Overtime for School Teachers (AB2230), eff. 7/1/2017 — This bill increases the amount of pay certain teachers must receive to be exempt from overtime pay.
Hair/Nail Salon Licensure Requirements (AB2437, AB2025), eff. 7/1/2017 — All licensed establishments must post a notice regarding workplace rights and the wage and hour laws. In addition, license applicants must be provided with basic labor law education when being schooled.
Fair Pay Act (AB1676, SB1063) — AB1676 states prior salary alone cannot be used to justify compensation differences. SB1063 extends the original act to include racial and ethnic wage disparity.
Immigration-Related Protection (SB1001) — It is currently illegal under Federal law to ask for more or different documentation than is stated on the Form I-9 or to refuse documents that appear to be genuine. State law has now added its weight to these protections.
Paid Family Leave Benefits (AB908), eff. 1/1/2018 — Employees filing for Paid Family Leave supplemental pay may now receive up to 60-70% of their earnings, depending upon their income. In addition, the current 7-day waiting period will be removed.
Driving (AB1785) — This amends the current law regarding use of devices while driving. Drivers can use their hand to activate or deactivate a device with a single tap or single swipe of a device that is mounted in the vehicle. Otherwise, hands off!
There are a lot of legal changes and updates related to pay, in particular, this time. Let us know if you need help understanding how a particular law may affect, or be implemented in, your company.
In 2008, many employees either lost their jobs or their pay was frozen. And every year since then, employees have been crossing their fingers that this will finally be the year where they will see a significant increase in pay. But it’s not.
Aon Hewitt’s U.S. Salary Increase Survey of 1,074 companies shows base wages and bonuses won’t be increasing in 2017 any more than they did in 2016. This is the 5th year companies have predicted a 3% increase but actually only provided a 2.6 – 2.8% average increase. This is viewed as a sign of the pressure companies are feeling to keep fixed costs low.
The survey also showed:
- 12.8% of payroll is going toward variable pay (bonuses and pay-for-performance)
- 10% of companies have frozen salaries (up from 6% in 2015)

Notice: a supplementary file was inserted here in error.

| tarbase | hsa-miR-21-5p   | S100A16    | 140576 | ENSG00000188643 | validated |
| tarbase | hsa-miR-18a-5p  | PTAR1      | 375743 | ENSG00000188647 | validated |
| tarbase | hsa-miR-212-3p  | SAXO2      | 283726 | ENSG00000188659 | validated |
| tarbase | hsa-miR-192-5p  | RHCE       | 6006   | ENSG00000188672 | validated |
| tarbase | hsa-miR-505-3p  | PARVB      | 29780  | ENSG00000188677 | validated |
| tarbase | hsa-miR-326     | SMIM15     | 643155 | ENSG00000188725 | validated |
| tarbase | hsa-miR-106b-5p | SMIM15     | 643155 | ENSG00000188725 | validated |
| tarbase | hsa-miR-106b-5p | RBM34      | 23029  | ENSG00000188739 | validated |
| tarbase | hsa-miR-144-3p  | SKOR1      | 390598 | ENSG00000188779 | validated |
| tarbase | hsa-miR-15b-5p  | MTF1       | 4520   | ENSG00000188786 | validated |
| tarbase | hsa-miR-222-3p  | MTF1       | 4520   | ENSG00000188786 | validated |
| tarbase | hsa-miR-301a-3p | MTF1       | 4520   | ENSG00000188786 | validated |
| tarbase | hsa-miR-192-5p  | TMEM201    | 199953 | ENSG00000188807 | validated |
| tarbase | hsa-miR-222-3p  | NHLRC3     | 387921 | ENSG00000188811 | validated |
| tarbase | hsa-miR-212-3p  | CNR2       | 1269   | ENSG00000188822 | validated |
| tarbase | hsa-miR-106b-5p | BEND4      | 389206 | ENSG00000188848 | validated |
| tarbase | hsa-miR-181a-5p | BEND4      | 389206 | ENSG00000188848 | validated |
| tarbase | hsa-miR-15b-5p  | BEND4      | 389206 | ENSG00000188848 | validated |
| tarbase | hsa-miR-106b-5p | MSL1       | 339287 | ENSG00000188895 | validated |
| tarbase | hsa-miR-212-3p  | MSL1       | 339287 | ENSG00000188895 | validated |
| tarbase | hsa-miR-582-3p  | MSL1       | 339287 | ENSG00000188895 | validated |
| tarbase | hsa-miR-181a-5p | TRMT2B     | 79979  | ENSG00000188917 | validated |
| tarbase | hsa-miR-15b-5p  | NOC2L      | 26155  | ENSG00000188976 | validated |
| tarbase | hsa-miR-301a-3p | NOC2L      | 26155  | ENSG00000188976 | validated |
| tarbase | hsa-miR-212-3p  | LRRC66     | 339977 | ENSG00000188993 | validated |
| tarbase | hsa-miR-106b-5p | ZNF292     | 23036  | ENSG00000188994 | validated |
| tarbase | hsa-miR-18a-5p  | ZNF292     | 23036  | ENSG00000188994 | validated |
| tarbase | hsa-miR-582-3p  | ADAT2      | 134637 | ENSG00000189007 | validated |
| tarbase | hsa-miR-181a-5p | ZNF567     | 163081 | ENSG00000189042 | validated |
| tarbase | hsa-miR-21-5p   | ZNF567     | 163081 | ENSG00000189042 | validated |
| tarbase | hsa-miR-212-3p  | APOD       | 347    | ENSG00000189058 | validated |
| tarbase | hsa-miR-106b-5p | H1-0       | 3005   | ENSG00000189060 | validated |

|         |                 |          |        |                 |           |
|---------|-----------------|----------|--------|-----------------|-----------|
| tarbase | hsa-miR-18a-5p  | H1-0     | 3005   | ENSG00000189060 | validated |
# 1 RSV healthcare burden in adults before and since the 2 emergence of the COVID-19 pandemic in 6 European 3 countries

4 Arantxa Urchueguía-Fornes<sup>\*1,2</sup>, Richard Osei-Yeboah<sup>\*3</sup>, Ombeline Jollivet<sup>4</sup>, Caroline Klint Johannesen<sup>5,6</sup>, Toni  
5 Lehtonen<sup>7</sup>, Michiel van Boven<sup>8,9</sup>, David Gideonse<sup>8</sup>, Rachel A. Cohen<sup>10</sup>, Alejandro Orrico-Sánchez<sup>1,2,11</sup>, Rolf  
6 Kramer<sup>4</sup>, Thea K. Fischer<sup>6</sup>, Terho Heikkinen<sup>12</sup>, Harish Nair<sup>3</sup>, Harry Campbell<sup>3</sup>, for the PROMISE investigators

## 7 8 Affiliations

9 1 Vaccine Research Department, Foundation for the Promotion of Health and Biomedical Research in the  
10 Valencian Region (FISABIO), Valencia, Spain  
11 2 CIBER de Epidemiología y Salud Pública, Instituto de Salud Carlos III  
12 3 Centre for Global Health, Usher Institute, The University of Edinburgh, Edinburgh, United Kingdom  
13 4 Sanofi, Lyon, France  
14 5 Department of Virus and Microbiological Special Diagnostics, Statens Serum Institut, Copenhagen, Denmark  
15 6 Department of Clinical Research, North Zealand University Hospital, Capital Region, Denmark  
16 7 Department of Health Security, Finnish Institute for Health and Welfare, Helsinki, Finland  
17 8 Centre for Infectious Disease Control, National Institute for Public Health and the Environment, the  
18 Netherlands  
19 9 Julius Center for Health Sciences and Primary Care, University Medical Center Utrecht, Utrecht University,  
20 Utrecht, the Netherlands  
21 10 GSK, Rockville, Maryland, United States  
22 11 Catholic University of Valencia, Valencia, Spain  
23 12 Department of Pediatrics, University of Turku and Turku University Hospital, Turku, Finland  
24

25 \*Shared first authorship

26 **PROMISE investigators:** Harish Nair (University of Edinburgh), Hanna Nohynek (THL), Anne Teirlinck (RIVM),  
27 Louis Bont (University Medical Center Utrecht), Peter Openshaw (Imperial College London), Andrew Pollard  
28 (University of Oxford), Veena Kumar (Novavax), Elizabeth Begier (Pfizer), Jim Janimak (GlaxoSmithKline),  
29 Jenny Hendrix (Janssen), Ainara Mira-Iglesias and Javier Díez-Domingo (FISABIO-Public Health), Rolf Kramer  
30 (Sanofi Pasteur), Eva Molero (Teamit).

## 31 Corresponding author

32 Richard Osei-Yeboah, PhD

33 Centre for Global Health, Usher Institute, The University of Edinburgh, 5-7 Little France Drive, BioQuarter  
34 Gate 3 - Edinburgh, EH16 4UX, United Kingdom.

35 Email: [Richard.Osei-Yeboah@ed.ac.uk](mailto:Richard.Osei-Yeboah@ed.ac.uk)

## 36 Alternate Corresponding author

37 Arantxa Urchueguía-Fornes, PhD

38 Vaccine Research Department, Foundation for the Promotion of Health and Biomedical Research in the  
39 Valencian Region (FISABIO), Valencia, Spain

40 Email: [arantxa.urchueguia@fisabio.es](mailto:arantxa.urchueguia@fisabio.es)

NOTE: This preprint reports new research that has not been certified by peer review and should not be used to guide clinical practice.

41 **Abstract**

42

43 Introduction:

- Stopping annual raises and shifting to performance-based bonuses or perks is a strong consideration for many companies
On December 1st, we expect to see a huge increase in the number of non-exempt employees due to the increased minimum salary for exempt employees. This means the potential for considerably more overtime hitting your payroll and another reason it’s doubtful we’ll see companies offering higher pay increases. You’ll need to see what your new payroll costs are compared to prior years.
Another component is the increase to minimum wage. While you may only be providing tiny raises, the state is providing 10% increases. This, too, affects your bottom line and needs to be weighed in your overall payroll costs.
While bonuses are becoming more popular as a way to reward employees without increasing fixed costs, they also have a downside. Bonus pay may qualify for an overtime premium with non-exempt employees, is often taxed higher, and white-collar positions are often offered more bonus potential than blue-collar positions.
I like bonuses instead of higher pay but you need to think through a company-wide plan. Everyone should have an opportunity to profit based on company, team, and personal performances. You want a written bonus plan that is distributed and communicated in a way that every employee knows exactly what they must do to earn their piece of the bonus.
“I’ve just promoted a great employee, John, so he’s now supervising several other employees who used to be his peers. He seems to be having trouble supervising these employees but I’m not sure how to help him. Any ideas?”
Your HR Survival Tip
Supervising former peers can be difficult because suddenly their buddy is their boss. However, there are things both you and John can do to make this easier.
When first promoting John, you should have made an announcement to the whole company. If it’s only been a month or so since the promotion, you can still do this. Highlight why you selected John for this promotion, what the new position entails, and who will now be reporting to him. This helps set the stage for John and lets the other employees know you trust John to handle this job.
There may be some of John’s former peers who don’t feel he has the right background or experience to be their supervisor. This is one reason you make the announcement… to let them know you believe John was the correct choice for this promotion. If they bring this up to you, you need to stand behind John and your decision.
John should meet individually with each of his direct reports. He needs to nicely take control but to also let them know he basically hasn’t changed. He’s still John. Follow those meetings up with a team meeting to plan how things will move. John has new responsibilities and completing them will very likely require a team effort. Whether he realizes it or not, John already knows what motivates each member of his team and he needs to use that information to help the team function smoothly.
If a team member continues to be resistant to the new leadership change, it’s time for another one-on-one. John needs to let this team member know he can’t and won’t let the situation continue. Although it can be very hard to discipline a former peer the first time, John needs to be prepared to take whatever action is necessary. However, just the intervention of another meeting may provide the desired end result.